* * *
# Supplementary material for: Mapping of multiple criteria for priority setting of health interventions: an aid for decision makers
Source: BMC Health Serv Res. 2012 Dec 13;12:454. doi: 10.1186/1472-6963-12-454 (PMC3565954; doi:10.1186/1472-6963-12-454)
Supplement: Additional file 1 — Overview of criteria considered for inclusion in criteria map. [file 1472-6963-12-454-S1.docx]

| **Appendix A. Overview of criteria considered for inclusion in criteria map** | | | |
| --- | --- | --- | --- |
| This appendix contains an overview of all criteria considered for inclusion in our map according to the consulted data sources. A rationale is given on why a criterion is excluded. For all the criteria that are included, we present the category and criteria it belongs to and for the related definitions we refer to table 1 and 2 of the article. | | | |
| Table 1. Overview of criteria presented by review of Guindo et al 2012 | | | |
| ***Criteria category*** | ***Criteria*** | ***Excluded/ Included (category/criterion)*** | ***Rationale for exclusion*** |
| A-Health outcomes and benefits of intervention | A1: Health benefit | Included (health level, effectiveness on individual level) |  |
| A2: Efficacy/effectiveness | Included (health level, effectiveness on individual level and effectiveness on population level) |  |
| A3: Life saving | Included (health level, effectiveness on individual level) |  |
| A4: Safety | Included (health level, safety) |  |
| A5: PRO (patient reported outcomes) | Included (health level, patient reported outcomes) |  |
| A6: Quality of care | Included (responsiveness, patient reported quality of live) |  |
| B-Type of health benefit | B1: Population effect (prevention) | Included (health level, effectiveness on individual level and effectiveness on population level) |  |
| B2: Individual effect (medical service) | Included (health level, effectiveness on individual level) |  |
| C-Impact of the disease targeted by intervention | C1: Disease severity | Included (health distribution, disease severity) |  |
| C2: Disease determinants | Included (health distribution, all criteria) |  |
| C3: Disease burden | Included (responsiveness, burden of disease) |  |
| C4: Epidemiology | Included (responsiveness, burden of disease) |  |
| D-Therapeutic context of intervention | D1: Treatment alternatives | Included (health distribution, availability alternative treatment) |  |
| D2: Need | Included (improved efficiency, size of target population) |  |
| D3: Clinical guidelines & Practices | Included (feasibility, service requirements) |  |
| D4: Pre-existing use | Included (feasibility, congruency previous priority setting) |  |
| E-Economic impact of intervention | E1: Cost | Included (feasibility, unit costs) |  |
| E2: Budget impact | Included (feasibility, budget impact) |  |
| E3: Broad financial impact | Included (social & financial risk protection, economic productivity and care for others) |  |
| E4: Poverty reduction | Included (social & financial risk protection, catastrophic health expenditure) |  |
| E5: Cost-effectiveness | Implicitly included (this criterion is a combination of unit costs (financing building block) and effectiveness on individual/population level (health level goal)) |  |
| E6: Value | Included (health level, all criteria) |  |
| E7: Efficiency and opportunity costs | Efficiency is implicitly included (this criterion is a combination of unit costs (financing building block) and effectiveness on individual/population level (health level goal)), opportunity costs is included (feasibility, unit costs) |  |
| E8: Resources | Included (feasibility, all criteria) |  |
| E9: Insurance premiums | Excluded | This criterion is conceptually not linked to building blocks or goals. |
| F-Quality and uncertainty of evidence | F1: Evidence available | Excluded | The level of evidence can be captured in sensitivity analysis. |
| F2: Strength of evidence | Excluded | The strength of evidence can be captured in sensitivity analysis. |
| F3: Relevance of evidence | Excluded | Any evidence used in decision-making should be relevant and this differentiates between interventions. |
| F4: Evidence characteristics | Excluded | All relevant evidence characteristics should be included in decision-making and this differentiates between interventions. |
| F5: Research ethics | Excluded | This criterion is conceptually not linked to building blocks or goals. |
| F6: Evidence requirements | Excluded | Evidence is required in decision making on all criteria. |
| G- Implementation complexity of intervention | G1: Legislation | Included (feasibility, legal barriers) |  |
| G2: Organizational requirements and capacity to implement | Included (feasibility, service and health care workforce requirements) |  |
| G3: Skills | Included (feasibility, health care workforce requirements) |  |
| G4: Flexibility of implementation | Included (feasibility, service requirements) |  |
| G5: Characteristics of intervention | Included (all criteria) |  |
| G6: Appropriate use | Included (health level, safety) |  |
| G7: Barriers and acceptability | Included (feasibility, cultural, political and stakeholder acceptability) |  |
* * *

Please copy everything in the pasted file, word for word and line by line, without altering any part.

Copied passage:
# Supplementary material for: Mapping of multiple criteria for priority setting of health interventions: an aid for decision makers
Source: BMC Health Serv Res. 2012 Dec 13;12:454. doi: 10.1186/1472-6963-12-454 (PMC3565954; doi:10.1186/1472-6963-12-454)
Supplement: Additional file 1 — Overview of criteria considered for inclusion in criteria map. [file 1472-6963-12-454-S1.docx]

| **Appendix A. Overview of criteria considered for inclusion in criteria map** | | | |
| --- | --- | --- | --- |
| This appendix contains an overview of all criteria considered for inclusion in our map according to the consulted data sources. A rationale is given on why a criterion is excluded. For all the criteria that are included, we present the category and criteria it belongs to and for the related definitions we refer to table 1 and 2 of the article. | | | |
| Table 1. Overview of criteria presented by review of Guindo et al 2012 | | | |
| ***Criteria category*** | ***Criteria*** | ***Excluded/ Included (category/criterion)*** | ***Rationale for exclusion*** |
| A-Health outcomes and benefits of intervention | A1: Health benefit | Included (health level, effectiveness on individual level) |  |
| A2: Efficacy/effectiveness | Included (health level, effectiveness on individual level and effectiveness on population level) |  |
| A3: Life saving | Included (health level, effectiveness on individual level) |  |
| A4: Safety | Included (health level, safety) |  |
| A5: PRO (patient reported outcomes) | Included (health level, patient reported outcomes) |  |
| A6: Quality of care | Included (responsiveness, patient reported quality of live) |  |
| B-Type of health benefit | B1: Population effect (prevention) | Included (health level, effectiveness on individual level and effectiveness on population level) |  |
| B2: Individual effect (medical service) | Included (health level, effectiveness on individual level) |  |
| C-Impact of the disease targeted by intervention | C1: Disease severity | Included (health distribution, disease severity) |  |
| C2: Disease determinants | Included (health distribution, all criteria) |  |
| C3: Disease burden | Included (responsiveness, burden of disease) |  |
| C4: Epidemiology | Included (responsiveness, burden of disease) |  |
| D-Therapeutic context of intervention | D1: Treatment alternatives | Included (health distribution, availability alternative treatment) |  |
| D2: Need | Included (improved efficiency, size of target population) |  |
| D3: Clinical guidelines & Practices | Included (feasibility, service requirements) |  |
| D4: Pre-existing use | Included (feasibility, congruency previous priority setting) |  |
| E-Economic impact of intervention | E1: Cost | Included (feasibility, unit costs) |  |
| E2: Budget impact | Included (feasibility, budget impact) |  |
| E3: Broad financial impact | Included (social & financial risk protection, economic productivity and care for others) |  |
| E4: Poverty reduction | Included (social & financial risk protection, catastrophic health expenditure) |  |
| E5: Cost-effectiveness | Implicitly included (this criterion is a combination of unit costs (financing building block) and effectiveness on individual/population level (health level goal)) |  |
| E6: Value | Included (health level, all criteria) |  |
| E7: Efficiency and opportunity costs | Efficiency is implicitly included (this criterion is a combination of unit costs (financing building block) and effectiveness on individual/population level (health level goal)), opportunity costs is included (feasibility, unit costs) |  |
| E8: Resources | Included (feasibility, all criteria) |  |
| E9: Insurance premiums | Excluded | This criterion is conceptually not linked to building blocks or goals. |
| F-Quality and uncertainty of evidence | F1: Evidence available | Excluded | The level of evidence can be captured in sensitivity analysis. |
| F2: Strength of evidence | Excluded | The strength of evidence can be captured in sensitivity analysis. |
| F3: Relevance of evidence | Excluded | Any evidence used in decision-making should be relevant and this differentiates between interventions. |
| F4: Evidence characteristics | Excluded | All relevant evidence characteristics should be included in decision-making and this differentiates between interventions. |
| F5: Research ethics | Excluded | This criterion is conceptually not linked to building blocks or goals. |
| F6: Evidence requirements | Excluded | Evidence is required in decision making on all criteria. |
| G- Implementation complexity of intervention | G1: Legislation | Included (feasibility, legal barriers) |  |
| G2: Organizational requirements and capacity to implement | Included (feasibility, service and health care workforce requirements) |  |
| G3: Skills | Included (feasibility, health care workforce requirements) |  |
| G4: Flexibility of implementation | Included (feasibility, service requirements) |  |
| G5: Characteristics of intervention | Included (all criteria) |  |
| G6: Appropriate use | Included (health level, safety) |  |
| G7: Barriers and acceptability | Included (feasibility, cultural, political and stakeholder acceptability) |  |